Catholic Schools Celebrate Their Strengths

Article excerpt

Byline: Kristy Kennedy Daily Herald Staff Writer

Kathi Hoper of Glen Ellyn says she sent her eight children to Catholic schools because she saw them as an extension of home.

"Once I got into it, I felt the teachers were helping me to raise the kids," said Hoper, whose youngest, twins Sarah and Ellen, are seniors at St. Francis High School in Wheaton.

This week, Catholic schools throughout DuPage County will celebrate National Catholic Schools Week to show pride in what they have to offer.

In DuPage, there are 33 Catholic elementary schools and five high schools with an enrollment of 11,697 elementary school students and 2,045 secondary students.

Like Hoper, many parents who choose to send children to Catholic schools feel that education involved more than just reading, writing and arithmetic.

It also means discipline, values and morals aimed at molding youngsters into responsible, caring adults who will live a Christian lifestyle.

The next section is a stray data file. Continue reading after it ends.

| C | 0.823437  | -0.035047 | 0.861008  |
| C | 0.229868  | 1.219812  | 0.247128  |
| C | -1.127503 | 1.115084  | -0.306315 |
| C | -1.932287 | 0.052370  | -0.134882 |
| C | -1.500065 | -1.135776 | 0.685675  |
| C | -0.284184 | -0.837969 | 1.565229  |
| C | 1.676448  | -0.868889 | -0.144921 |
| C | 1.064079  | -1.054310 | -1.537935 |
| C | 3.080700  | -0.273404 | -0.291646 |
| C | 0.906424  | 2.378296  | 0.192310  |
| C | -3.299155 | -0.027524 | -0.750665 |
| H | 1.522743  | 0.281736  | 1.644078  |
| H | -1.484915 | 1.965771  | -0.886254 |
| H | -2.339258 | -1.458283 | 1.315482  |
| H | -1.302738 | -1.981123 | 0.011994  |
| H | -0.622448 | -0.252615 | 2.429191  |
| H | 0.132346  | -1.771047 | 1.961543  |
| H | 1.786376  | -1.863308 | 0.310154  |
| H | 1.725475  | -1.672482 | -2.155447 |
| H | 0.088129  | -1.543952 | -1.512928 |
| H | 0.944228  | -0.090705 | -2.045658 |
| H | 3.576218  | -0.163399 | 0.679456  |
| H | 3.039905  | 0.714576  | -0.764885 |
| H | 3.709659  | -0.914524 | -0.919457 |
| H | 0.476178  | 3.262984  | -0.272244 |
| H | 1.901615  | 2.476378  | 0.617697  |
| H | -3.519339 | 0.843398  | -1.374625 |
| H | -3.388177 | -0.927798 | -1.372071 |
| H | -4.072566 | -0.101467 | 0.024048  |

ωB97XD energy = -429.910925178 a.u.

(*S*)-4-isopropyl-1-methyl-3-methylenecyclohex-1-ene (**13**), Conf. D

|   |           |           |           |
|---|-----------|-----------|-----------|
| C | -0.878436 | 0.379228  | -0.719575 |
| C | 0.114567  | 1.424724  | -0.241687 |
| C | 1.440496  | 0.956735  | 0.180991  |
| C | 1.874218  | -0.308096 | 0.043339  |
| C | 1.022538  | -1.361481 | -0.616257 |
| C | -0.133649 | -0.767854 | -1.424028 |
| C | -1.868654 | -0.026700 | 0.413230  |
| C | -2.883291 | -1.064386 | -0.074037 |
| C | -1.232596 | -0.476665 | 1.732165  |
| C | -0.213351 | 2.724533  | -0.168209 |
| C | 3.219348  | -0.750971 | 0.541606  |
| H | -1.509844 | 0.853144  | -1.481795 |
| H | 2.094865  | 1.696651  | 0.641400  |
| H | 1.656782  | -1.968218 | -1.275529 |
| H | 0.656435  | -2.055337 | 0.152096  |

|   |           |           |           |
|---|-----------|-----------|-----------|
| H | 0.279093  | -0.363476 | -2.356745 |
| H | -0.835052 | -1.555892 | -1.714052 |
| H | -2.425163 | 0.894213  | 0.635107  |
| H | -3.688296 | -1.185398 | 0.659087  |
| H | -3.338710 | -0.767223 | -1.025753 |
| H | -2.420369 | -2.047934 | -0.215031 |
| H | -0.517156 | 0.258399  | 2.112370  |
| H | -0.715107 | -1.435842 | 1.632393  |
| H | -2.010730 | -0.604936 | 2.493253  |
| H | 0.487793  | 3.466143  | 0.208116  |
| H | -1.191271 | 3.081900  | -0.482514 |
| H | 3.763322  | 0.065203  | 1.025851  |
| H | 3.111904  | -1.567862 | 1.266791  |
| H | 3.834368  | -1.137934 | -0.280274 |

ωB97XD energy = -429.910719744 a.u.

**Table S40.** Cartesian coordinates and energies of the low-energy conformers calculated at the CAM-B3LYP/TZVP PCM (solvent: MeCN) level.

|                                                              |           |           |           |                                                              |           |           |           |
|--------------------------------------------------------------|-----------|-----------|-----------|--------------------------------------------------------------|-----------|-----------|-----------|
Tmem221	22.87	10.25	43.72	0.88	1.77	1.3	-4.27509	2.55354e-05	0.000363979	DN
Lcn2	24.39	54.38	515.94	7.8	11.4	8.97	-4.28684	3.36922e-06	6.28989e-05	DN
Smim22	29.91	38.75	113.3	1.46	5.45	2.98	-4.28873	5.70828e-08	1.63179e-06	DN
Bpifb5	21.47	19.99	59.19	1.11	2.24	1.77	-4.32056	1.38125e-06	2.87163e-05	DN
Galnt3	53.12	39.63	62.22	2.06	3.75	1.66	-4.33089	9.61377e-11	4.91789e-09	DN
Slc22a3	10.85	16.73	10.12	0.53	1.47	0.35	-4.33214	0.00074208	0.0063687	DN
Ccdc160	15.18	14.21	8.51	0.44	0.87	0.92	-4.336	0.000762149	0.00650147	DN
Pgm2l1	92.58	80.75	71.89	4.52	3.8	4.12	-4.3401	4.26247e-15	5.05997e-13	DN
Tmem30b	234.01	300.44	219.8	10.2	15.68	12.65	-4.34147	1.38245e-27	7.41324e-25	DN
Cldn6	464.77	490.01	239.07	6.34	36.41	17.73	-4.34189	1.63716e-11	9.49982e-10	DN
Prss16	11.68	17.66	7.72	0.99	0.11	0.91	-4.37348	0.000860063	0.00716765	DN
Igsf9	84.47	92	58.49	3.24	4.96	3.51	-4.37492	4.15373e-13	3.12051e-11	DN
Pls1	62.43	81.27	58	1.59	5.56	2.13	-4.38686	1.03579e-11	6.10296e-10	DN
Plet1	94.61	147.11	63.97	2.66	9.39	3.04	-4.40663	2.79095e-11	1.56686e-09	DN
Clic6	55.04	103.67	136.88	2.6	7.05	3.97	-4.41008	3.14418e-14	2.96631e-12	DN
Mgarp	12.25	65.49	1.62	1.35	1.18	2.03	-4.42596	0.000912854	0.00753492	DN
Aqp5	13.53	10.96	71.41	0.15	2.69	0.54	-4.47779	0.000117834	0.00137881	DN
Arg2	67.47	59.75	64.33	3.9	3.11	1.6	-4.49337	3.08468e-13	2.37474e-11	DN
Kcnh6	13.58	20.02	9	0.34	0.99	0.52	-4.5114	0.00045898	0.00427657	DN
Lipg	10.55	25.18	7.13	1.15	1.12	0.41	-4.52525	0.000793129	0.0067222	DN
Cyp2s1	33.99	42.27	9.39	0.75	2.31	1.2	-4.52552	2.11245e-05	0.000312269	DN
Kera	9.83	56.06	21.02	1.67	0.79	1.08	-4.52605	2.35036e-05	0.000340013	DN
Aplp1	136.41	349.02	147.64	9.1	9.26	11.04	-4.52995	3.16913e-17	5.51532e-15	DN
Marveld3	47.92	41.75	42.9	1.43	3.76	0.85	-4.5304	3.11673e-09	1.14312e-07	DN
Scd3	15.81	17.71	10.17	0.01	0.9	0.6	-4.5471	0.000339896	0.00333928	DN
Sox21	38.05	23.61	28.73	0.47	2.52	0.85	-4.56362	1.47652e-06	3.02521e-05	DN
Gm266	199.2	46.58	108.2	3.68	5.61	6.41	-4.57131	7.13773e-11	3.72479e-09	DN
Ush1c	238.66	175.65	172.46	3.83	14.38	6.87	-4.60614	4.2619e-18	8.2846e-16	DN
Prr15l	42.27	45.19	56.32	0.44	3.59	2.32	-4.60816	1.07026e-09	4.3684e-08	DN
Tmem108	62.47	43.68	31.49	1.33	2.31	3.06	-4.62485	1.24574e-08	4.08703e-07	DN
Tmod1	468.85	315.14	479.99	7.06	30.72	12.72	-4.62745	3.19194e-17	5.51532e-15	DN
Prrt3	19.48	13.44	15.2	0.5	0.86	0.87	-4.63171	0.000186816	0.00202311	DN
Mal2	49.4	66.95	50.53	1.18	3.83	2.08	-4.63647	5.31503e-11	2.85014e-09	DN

"If we start with them at a younger age, then hopefully they will become responsible Catholics in their own parishes," said Lorraine Parker, a ministry teacher at Driscoll Catholic High School in Addison, who also sends her three children to Catholic schools.

She explained that teachers lead by example and act as role models for students. And beyond good grades, students are expected to show care for others.

For instance, a new program at Driscoll will require freshmen to complete 24 hours of volunteer service, Parker said.

"It's a way to teach them concern for other people," she said.

At Sacred Heart School in Lombard, parents are teaching that same lesson.

Through a little elbow grease of their own, parents also are showing students they should have pride in their school.

This summer, more than 100 parents helped renovate the aging Lombard school by stripping woodwork, painting and repairing bathrooms.

That effort gives students an important lesson just as valuable as what can be learned in the classroom, said Rita Kennedy, who helped mobilize the parents.

"When kids see what their parents do, they behave in kind," said Kennedy, whose daughter Theresa Lipp attends the school. "It shows there is a thread of support and that everyone shares a common vision."

And even though DuPage County is home to some of the nation's best public schools, Kennedy and other parents say they are willing to pay for the lessons in values. …